Patent law students and practitioners who track major developments in that practice area were treated to a bit of nirvana on Sept. 19, as five leading experts served as panelists for “Patent Litigation Preview 2012,” at Catholic University’s Columbus School of Law.
A detailed account of the symposium was offered by BNA's Patent, Trademark and Copyright Journal on Sept. 28.
Organized by faculty Professors Megan La Belle and Elizabeth Winston, the two-hour discussion offered detailed insights into some of the leading patent law issues and cases that will be heard or decided in the near future.
- Shara L. Aranoff, commissioner, United States International Trade Commission
- Raymond Chen, deputy general counsel for intellectual property law and solicitor,
- United States Patent and Trademark Office
- Donald P. Dunner, partner, Finnegan, Henderson, Farabow, Garrett & Dunner
- Daryl L. Joseffer, former principal deputy solicitor general; partner, King and Spalding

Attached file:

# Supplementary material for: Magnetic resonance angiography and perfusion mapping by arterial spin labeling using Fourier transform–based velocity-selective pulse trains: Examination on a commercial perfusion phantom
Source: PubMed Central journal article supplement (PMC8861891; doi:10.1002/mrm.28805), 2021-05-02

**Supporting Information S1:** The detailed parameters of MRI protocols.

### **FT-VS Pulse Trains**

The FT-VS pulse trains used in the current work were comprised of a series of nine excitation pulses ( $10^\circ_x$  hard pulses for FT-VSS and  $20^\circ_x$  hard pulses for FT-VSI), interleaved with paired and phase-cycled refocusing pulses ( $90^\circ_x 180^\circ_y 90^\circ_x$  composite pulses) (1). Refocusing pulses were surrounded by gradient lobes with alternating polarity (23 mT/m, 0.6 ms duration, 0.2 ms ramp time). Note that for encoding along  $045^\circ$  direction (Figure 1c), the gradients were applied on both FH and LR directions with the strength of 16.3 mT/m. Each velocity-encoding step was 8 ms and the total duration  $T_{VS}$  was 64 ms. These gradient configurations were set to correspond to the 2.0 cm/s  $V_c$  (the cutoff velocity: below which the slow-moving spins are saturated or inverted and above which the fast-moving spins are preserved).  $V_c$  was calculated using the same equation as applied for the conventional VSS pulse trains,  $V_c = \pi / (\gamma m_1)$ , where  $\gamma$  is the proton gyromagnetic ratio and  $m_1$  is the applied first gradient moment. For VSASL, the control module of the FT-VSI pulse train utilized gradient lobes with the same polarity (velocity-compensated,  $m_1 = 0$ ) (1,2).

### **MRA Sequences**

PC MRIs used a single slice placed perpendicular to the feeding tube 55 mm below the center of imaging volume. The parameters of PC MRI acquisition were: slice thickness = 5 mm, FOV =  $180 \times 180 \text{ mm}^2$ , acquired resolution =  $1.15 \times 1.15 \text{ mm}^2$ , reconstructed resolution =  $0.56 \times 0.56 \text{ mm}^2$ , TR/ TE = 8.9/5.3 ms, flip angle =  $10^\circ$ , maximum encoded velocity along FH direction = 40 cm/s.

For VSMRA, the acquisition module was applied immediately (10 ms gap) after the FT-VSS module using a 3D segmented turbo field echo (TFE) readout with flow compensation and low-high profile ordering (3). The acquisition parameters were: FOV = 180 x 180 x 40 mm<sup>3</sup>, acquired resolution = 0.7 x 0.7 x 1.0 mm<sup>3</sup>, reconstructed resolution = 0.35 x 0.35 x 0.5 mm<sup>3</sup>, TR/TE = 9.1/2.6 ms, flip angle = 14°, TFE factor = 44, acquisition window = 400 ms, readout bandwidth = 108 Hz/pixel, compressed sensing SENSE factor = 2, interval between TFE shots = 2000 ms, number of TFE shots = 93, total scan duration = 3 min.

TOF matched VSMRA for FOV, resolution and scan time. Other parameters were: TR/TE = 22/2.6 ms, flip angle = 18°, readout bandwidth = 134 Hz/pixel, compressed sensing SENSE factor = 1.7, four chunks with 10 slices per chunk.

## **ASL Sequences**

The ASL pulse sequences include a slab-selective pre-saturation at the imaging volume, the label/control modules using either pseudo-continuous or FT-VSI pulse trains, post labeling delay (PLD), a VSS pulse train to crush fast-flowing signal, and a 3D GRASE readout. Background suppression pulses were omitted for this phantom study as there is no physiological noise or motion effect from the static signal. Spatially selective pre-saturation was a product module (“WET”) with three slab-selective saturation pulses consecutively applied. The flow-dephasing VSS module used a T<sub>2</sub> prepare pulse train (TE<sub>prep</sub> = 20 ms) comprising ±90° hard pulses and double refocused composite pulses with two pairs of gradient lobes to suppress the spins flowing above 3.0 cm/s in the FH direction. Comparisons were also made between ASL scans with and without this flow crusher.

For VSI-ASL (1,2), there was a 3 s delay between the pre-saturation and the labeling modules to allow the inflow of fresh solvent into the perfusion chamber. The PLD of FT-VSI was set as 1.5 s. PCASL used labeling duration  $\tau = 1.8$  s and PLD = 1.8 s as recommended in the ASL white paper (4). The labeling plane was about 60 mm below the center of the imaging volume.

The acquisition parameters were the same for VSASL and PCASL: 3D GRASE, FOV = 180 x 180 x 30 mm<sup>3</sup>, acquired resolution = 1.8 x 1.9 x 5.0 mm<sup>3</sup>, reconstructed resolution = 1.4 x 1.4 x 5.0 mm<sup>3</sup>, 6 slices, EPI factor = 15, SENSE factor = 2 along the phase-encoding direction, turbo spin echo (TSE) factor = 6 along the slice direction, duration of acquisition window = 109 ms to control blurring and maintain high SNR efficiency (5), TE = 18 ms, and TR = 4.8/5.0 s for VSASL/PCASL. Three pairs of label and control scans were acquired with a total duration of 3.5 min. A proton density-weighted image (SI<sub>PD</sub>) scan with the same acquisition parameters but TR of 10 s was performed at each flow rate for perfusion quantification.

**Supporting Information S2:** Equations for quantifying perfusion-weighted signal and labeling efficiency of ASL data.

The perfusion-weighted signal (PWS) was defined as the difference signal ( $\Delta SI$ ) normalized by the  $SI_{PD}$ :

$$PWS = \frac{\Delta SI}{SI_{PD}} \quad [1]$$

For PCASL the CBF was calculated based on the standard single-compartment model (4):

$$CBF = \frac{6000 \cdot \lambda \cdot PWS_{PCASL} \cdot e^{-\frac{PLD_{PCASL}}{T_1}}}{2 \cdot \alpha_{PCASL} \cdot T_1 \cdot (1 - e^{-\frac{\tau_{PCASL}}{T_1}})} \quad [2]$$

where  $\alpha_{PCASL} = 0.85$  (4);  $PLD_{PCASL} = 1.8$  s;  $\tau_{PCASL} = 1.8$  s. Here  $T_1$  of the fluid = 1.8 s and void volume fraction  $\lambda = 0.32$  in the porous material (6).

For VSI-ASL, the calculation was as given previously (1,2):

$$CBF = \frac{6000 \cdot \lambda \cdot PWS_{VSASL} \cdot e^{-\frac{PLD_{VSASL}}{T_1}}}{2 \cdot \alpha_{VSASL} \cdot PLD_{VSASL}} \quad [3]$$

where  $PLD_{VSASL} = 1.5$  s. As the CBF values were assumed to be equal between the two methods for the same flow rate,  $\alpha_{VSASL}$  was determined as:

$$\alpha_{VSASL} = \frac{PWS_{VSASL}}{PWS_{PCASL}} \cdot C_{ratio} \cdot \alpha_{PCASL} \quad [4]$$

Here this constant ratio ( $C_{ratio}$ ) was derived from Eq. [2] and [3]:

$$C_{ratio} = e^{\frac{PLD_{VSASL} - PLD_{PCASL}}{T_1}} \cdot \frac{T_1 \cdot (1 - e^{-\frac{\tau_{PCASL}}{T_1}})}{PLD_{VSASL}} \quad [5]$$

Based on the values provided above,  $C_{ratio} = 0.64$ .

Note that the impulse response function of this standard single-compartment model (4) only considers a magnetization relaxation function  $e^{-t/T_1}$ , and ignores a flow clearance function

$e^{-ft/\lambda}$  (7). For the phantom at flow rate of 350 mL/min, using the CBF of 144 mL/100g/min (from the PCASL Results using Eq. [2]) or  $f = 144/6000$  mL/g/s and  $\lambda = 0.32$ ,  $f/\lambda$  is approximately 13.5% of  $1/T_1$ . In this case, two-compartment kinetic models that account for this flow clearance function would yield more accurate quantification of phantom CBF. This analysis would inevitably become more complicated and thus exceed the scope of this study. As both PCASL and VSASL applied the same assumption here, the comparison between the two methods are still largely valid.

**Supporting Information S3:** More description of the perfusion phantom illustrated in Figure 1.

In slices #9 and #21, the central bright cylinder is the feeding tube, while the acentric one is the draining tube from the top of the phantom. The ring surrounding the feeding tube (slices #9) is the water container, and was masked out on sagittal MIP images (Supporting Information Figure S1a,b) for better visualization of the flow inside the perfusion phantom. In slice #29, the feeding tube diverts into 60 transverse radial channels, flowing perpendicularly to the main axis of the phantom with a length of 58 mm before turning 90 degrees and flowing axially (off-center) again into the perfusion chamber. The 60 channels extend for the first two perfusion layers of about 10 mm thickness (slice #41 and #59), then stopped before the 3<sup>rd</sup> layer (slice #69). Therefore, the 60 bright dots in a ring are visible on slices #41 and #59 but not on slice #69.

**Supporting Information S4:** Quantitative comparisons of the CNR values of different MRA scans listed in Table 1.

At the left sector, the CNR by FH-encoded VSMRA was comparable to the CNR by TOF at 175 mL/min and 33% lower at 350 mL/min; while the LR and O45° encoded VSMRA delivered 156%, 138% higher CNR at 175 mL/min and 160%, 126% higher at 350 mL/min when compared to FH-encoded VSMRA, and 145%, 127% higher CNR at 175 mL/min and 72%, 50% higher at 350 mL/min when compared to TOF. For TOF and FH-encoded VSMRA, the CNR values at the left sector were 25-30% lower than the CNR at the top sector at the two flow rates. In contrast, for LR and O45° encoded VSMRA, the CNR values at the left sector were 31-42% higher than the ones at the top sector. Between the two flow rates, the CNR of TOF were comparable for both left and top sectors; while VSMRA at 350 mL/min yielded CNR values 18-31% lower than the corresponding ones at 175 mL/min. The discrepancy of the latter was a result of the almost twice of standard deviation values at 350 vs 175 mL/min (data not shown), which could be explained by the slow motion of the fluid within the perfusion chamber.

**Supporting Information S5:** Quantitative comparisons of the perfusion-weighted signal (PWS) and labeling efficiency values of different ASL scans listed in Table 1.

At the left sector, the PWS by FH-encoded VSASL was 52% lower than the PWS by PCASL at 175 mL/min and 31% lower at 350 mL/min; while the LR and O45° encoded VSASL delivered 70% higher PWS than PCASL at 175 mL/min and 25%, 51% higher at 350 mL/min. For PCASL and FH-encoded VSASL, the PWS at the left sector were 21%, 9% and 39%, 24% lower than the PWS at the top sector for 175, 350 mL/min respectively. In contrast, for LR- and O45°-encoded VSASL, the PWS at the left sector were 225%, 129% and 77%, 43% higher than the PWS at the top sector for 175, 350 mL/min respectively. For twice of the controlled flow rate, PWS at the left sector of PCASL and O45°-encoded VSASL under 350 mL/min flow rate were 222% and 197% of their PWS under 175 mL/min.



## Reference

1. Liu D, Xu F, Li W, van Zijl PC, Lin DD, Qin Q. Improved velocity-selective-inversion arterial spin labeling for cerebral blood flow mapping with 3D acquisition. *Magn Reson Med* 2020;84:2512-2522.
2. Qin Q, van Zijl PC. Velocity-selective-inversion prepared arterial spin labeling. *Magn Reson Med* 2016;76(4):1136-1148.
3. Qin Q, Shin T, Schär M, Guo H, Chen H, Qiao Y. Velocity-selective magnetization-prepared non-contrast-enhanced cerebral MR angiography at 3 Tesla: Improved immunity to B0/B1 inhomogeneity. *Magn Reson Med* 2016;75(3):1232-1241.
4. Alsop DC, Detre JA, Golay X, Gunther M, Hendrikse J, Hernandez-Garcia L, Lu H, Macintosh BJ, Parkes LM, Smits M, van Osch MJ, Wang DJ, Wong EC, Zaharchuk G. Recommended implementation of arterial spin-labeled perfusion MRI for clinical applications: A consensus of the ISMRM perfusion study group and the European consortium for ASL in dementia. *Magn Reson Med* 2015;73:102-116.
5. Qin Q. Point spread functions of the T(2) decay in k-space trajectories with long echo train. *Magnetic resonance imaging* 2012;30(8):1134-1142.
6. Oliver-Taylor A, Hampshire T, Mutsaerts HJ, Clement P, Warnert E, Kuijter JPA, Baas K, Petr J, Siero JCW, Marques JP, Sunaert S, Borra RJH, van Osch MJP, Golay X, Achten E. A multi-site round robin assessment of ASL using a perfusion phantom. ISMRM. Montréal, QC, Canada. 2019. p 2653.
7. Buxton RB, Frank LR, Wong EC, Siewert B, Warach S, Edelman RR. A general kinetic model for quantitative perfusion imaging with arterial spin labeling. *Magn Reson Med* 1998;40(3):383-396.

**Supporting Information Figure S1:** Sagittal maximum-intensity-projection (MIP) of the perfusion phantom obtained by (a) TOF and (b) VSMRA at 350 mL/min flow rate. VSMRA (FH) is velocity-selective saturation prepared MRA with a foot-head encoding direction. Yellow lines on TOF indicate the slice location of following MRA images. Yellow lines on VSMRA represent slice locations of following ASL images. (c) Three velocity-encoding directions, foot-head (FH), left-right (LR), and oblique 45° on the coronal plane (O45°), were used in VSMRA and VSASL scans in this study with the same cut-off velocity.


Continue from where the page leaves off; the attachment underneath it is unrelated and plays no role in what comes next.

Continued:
- Gail F. Levine, vice president and associate general counsel for intellectual property, Verizon Communications Inc.
As leadoff speaker, Commissioner Aranoff brought the audience up to date on the ITC’s work regarding Section 337 of the Tariff Act of 1930, which for 82 years has provided the commission’s authority to conduct investigations into allegations of certain unfair practices in import trade.
Once a relatively obscure provision, Aranoff noted that it has become a popular device among high-tech companies in recent years, and the basis for filing infringement lawsuits that made 2011 the busiest year in the history of the ITC.
Aranoff also discussed how pending court challenges or decisions in such areas as the domestic industry requirement, standard essential patents and e-discovery will shape the landscape within the coming year or two.
Raymond Chen of the United States Patent and Trademark Office spent much of his allotted time providing an analysis of Already, LLC v. Nike, Inc., a case that one legal blog sums up as the “Supreme Court forcing Nike to defend its right not to defend its trademarks."
Nike had contemplated but ultimately dropped a trademark infringement suit against a rival sneaker company on the grounds that pursuing the litigation just wasn’t worth the time or effort.
In turn, the competitor wanted Nike’s trademark canceled so it decided to move ahead legally. Nike filed a petition to dismiss the claim, arguing that since there was no existing conflict over the trademark, there was no legal issue and therefore, no jurisdiction for the District Court to be involved. The question has now moved to the United States Supreme Court.
The patent law preview program, which applied for Virginia CLE credit, was followed by a networking reception.